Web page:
First Cow

Verdict: Despite a story that builds to an exciting and tense third act, First Cow is too slow and sparse to win over everybody

Kelly Reichardt’s latest film tells the story of two men who conjure up a scheme to steal milk to make baked goods.

Kelly Reichardt’s latest feature First Cow has been receiving critical acclaim since it premiered at Telluride Film Festival last year and it is finally coming to U.K. cinemas on Friday.

The film is set in 1820s Oregon and follows Otis ‘Cookie’ Figowitz (John Magaro), a skilled cook who has joined a group of fur trappers.

One day, he meets a Chinese immigrant named King-Lu (Orion Lee) and they become friends, with Cookie expressing his desire to one day open a bakery.

When Chief Factor (Toby Jones), a wealthy Englishman in the settlement, gets a cow, the first in the region, Cookie and Lu come up with a sneaky scheme – to steal some of the cow’s milk during the night to make baked goods to sell the following day.

Like Reichardt’s most recent film Certain Women, First Cow will certainly test your patience and concentration. She is known for her minimalism and this is just as sparse as her other work.

The story is good but it didn’t need to be told over two hours – it’s so simple it should have been 90 minutes at most.

The first half was the most challenging as not much happens and the pacing is so slow that it’s difficult to get invested in the characters, become involved in the storyline, or even stay focused or awake, but rest assured your patience will be rewarded.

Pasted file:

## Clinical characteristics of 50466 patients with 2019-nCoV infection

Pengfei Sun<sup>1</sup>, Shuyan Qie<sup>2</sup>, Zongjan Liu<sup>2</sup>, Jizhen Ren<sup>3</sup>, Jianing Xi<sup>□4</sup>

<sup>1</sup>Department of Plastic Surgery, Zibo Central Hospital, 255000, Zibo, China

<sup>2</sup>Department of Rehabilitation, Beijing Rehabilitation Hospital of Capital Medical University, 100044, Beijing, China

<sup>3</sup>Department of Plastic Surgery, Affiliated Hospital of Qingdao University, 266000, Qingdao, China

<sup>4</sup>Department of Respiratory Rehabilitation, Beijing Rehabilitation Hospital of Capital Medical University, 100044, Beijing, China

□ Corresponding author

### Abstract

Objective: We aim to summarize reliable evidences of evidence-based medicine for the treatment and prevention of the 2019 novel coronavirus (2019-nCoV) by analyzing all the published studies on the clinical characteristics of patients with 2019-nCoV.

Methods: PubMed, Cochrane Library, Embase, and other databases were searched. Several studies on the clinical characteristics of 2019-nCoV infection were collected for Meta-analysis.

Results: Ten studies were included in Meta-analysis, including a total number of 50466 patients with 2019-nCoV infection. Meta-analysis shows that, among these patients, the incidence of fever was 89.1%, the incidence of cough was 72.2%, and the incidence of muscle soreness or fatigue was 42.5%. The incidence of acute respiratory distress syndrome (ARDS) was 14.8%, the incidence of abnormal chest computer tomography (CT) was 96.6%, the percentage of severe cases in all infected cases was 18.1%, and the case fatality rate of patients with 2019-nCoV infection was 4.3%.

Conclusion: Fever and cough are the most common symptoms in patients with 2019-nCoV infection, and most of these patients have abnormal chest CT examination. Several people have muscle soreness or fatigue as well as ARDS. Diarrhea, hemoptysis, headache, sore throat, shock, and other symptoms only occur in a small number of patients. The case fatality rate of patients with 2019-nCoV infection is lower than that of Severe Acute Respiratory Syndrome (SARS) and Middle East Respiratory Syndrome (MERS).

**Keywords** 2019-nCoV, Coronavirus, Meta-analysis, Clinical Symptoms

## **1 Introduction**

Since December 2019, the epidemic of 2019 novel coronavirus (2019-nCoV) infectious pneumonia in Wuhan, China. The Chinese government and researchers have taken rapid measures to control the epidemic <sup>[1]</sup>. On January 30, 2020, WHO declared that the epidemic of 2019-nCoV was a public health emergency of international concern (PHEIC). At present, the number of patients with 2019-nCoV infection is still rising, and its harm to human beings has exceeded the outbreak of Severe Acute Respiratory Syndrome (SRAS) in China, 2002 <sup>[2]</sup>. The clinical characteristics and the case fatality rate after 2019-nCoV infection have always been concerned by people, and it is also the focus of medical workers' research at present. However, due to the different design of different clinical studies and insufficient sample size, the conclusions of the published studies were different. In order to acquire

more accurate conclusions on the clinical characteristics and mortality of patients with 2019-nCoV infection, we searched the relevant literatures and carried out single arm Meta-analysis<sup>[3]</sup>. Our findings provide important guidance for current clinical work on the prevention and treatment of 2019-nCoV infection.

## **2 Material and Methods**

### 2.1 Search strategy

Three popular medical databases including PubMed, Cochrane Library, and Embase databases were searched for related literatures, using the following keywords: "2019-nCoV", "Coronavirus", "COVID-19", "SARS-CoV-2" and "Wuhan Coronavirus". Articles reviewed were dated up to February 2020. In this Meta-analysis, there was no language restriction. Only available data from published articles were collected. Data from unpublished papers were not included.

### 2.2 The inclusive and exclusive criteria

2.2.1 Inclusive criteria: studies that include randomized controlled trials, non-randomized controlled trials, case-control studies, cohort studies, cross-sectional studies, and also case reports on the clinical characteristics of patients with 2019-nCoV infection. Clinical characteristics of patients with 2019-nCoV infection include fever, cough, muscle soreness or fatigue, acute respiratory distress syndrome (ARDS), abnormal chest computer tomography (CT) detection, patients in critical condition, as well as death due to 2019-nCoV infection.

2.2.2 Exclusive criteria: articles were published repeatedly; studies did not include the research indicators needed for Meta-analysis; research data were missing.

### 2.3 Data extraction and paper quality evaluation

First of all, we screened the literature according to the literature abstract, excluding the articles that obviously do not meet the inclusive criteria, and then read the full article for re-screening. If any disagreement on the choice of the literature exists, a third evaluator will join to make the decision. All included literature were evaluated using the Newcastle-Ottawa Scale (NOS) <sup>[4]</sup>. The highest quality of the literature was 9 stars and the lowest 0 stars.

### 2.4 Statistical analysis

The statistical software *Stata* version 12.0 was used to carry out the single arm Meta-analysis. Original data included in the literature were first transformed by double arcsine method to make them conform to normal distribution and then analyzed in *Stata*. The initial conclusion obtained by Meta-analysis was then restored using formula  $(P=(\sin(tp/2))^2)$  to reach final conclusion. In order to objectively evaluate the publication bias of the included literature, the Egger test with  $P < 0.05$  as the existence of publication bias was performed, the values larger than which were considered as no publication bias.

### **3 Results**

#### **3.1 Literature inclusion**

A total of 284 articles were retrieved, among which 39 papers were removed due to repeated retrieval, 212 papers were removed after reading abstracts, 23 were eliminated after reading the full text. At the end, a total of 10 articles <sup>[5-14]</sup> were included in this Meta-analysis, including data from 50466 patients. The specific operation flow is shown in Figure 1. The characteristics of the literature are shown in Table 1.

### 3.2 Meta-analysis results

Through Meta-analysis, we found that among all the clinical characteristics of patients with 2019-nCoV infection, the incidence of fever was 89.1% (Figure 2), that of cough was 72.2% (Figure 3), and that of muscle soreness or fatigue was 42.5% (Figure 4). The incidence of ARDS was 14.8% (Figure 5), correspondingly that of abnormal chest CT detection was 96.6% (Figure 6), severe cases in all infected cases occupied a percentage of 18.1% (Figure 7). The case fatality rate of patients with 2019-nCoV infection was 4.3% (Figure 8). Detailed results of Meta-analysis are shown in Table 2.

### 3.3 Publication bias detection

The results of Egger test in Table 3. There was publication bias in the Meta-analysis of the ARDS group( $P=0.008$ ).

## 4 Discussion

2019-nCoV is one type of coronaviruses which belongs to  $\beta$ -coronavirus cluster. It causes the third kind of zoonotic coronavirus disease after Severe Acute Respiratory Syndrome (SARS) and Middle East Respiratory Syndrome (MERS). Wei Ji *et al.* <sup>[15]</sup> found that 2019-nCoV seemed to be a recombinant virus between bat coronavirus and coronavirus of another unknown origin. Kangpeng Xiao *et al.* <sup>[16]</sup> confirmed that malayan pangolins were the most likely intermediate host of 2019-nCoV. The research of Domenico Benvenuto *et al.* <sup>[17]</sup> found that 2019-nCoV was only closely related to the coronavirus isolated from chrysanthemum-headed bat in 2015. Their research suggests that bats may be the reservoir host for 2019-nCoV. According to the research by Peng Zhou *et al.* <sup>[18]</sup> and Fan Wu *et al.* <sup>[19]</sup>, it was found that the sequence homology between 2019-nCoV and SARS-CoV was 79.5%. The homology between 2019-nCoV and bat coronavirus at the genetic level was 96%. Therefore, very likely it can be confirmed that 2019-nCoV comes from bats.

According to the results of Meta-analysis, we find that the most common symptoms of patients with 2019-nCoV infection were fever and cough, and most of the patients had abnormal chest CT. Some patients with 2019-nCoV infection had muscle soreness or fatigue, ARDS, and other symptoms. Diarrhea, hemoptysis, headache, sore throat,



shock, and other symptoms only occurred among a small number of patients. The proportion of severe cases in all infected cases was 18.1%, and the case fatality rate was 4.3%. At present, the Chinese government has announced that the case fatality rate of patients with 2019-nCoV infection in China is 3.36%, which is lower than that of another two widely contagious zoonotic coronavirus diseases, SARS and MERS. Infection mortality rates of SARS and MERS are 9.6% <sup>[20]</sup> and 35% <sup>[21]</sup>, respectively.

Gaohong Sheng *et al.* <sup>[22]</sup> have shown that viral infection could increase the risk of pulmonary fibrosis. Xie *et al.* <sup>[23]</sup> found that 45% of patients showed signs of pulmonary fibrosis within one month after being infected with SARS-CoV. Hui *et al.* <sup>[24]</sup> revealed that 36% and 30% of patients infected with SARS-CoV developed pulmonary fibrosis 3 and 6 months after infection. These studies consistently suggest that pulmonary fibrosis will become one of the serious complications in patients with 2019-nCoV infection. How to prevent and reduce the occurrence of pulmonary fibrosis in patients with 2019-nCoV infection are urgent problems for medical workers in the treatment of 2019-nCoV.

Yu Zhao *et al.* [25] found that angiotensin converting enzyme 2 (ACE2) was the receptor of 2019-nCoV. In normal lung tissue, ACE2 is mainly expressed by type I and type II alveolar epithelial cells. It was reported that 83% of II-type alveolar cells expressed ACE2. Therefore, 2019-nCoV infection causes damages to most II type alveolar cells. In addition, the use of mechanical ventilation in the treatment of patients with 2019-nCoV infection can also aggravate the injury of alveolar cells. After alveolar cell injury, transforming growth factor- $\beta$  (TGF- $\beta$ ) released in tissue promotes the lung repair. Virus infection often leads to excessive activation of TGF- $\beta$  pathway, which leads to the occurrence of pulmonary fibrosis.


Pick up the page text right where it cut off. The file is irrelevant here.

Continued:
In the second half, the narrative becomes far more interesting, the pace picks up, and tension starts to build as you wait for the duo’s scheme to inevitably be discovered.

It actually becomes quite exciting and the pay-off is worth it in the end, so it’s a shame viewers have to endure a slow-moving slog to get there.

Despite the critical acclaim suggesting otherwise, First Cow won’t be for everyone as it is so minimalist and glacially paced.

However, it really hits its stride in the second half and the story becomes exciting and enjoyable.

In cinemas from Friday 28th May and on MUBI from 9th July.


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